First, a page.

SORREL, MEADOW SORREL
If you haven't foraged sorrel before, or if you simply haven't spotted any around Edinburgh yet, June is the perfect time to find it: During the midsummer months, Rumex acetosa, the common or meadow sorrel, grows to an impressive meter tall , sending up beautiful and very visible red and green flower spikes, which make spotting the plants, even amid tall grass, easy. If you are new to sorrel, these flowers also help to distinguish the delicious Rumex acetosa (and the much smaller, but equally tasty Rumex acetosalla/sheep sorrel) from the closely related, but far less tasty docks. Rumex crispus, the curled dock, has much bigger oval leaves, and yellow -green flower spikes. It shares meadow sorrel's wet grassland habitat (though dock isn't picky and grows almost anywhere) and can be found growing right next to it. Dock leaves are wider, almost frilly at the edges, appear less neat and even, and often have reddish tones especially along the stems. They taste less tart and much more bitter and are best reserved for external use.
The neat, narrow, arrowhead shaped leaves of sorrel could also resemble very young Arum maculatum (Lords and ladies/Cuckoo pint) leaves, which are similarly arrowhead shaped lwith a point on top and two points down either side of the stem. Arum contains oxalates which will cause painful irritation of the mouth and throat if consumed, but chance of confusing the two species is slim, since Arum doesn't share the grassland habitat of meadow sorrel, favouring damp woodlands, and is an earlier species. It will have already wider, triangular leaves by March when sorrel leaves are still tiny and delicate.
Sorrel is a member of the Polygonaceae, the knotweed family, and like many other familiar edible relatives (buckwheat, rhubarb, and japanese knotweed, for instance), it contains oxalic acid. Oxalic acid gives sorrel it's deliciously tart, lemony flavour, and is quite healthy consumed in moderation, however, in excess it becomes a toxin leading to kidney stones and eventually kidney damage, so, as with all things, moderation is indicated.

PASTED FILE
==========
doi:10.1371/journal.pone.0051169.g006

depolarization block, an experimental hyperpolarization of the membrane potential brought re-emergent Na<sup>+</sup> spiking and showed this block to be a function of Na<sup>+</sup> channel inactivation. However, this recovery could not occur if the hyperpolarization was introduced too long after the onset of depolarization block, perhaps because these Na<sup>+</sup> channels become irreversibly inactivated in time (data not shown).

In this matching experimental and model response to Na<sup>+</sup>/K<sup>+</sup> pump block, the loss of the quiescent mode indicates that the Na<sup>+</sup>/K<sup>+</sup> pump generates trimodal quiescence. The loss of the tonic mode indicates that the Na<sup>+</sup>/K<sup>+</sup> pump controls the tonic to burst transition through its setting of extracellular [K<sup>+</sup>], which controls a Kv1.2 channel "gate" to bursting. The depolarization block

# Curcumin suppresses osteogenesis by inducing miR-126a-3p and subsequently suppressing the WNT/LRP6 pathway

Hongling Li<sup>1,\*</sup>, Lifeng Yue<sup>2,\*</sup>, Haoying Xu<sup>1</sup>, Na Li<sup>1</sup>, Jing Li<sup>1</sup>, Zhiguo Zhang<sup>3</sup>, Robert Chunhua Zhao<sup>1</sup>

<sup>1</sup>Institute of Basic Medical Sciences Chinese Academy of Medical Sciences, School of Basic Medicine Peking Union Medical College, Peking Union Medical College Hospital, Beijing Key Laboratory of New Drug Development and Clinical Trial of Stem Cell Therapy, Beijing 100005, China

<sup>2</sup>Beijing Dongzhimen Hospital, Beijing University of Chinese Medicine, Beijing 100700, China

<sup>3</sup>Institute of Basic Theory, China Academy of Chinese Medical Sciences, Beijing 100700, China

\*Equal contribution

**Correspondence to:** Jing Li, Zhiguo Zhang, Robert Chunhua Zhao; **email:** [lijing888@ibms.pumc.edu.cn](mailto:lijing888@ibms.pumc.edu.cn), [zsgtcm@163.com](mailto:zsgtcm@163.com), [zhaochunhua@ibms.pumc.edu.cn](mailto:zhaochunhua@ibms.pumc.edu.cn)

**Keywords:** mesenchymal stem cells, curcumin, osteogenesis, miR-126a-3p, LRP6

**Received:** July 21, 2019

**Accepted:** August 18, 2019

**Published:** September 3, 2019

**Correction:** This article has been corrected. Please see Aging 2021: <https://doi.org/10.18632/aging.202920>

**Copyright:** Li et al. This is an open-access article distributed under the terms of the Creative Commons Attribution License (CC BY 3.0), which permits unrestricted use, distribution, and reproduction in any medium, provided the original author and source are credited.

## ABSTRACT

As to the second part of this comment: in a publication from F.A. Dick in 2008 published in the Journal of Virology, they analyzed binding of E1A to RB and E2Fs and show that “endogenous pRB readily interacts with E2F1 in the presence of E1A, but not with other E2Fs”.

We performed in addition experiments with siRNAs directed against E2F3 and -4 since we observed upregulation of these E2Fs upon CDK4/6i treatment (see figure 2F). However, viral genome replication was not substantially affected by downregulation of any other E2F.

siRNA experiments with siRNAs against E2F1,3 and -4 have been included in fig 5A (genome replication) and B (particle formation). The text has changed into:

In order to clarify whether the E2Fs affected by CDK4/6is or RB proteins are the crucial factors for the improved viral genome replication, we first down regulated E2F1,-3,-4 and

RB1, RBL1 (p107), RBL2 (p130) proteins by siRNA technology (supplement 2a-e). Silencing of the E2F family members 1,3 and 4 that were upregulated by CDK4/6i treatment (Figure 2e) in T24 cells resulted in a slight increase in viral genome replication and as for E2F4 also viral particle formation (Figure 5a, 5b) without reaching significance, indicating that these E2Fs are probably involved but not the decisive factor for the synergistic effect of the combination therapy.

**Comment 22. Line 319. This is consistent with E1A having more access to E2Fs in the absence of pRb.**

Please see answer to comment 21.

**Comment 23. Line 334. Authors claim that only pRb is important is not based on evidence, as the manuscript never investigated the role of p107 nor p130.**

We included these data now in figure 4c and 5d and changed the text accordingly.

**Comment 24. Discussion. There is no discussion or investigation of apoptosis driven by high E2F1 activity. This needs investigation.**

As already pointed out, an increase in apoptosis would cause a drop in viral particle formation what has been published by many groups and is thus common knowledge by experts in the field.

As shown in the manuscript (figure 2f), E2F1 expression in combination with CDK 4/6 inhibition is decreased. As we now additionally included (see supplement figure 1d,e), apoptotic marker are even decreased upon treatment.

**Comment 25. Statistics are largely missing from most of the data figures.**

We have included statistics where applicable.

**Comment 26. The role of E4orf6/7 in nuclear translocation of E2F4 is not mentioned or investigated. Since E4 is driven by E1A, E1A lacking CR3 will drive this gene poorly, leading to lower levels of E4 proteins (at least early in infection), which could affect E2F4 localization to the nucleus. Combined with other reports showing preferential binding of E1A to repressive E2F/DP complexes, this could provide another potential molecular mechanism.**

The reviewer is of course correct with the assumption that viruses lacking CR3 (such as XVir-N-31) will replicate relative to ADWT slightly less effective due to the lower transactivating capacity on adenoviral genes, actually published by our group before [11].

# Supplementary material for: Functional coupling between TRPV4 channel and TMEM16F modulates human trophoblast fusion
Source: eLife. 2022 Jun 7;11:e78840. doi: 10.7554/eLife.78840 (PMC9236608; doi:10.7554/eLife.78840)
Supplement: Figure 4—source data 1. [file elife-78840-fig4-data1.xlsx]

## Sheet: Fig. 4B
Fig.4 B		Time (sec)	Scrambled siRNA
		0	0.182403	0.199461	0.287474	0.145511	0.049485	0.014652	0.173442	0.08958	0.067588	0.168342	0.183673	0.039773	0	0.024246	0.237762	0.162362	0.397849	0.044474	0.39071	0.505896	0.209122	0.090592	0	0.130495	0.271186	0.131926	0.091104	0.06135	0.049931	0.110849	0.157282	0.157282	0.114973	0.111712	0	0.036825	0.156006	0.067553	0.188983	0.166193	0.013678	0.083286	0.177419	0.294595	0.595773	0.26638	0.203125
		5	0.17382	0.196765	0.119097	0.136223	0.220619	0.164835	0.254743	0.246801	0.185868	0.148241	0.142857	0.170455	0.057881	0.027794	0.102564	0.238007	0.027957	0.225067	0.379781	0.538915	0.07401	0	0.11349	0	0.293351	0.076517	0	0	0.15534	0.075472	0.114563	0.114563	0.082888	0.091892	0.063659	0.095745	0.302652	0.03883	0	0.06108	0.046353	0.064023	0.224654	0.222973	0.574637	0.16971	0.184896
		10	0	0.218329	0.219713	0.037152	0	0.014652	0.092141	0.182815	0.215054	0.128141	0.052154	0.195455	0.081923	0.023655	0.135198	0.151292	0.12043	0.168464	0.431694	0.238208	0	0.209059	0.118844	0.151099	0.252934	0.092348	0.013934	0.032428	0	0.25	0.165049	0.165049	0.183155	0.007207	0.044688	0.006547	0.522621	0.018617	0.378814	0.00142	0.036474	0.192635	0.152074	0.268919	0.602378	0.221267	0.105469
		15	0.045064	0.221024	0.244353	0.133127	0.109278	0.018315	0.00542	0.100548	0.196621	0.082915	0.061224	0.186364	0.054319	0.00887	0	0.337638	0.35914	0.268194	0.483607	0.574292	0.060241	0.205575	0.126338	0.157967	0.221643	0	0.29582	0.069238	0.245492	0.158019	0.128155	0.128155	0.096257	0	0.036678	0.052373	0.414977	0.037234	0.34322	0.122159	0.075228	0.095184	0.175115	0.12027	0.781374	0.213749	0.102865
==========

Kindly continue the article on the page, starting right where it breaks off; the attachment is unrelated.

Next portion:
Rumex acetosa is widespread and abundant, and has been a part of our diet for millennia. There are records of Roman soldiers appreciating the thirst quenching tartness of the little leaves and it used to be cultivated for use as a leafy green in many British gardens since the early middle ages at least. While it is no longer a common garden crop here, French, German, and eastern European gardeners, cooks, and foragers still enjoy the lemony green in soups and sauces and salads and vegetables. If you like the flavour of wood sorrel (Oxalis acetosella), you will love meadow sorrel also : in both cases the mouth watering, grape skin flavour is due to oxalic acid, and meadow sorrel is a far more substantial leaf (I have found some which were over twenty cm long) and therefore lends itself to more applications than just cute edible decoration. It's a wonderful native lemon substitute, and pairs beautifully with fish, but really can be used anywhere some sharp tart flavour is required. While you can find and harvest sorrel leaves almost year around, the basal rosettes-which have the tastiest leaves- are lushest and largest in late spring and then again in late summer to early autumn. Around September, when there aren't as many leafy greens as there are in the springtime, the basal leaves are biggest and most abundant and many of the surrounding grasses are yellow and dry , making the lush green meadow sorrel rosettes easy to find, making late summer an optimal time to harvest this old time kitchen favourite.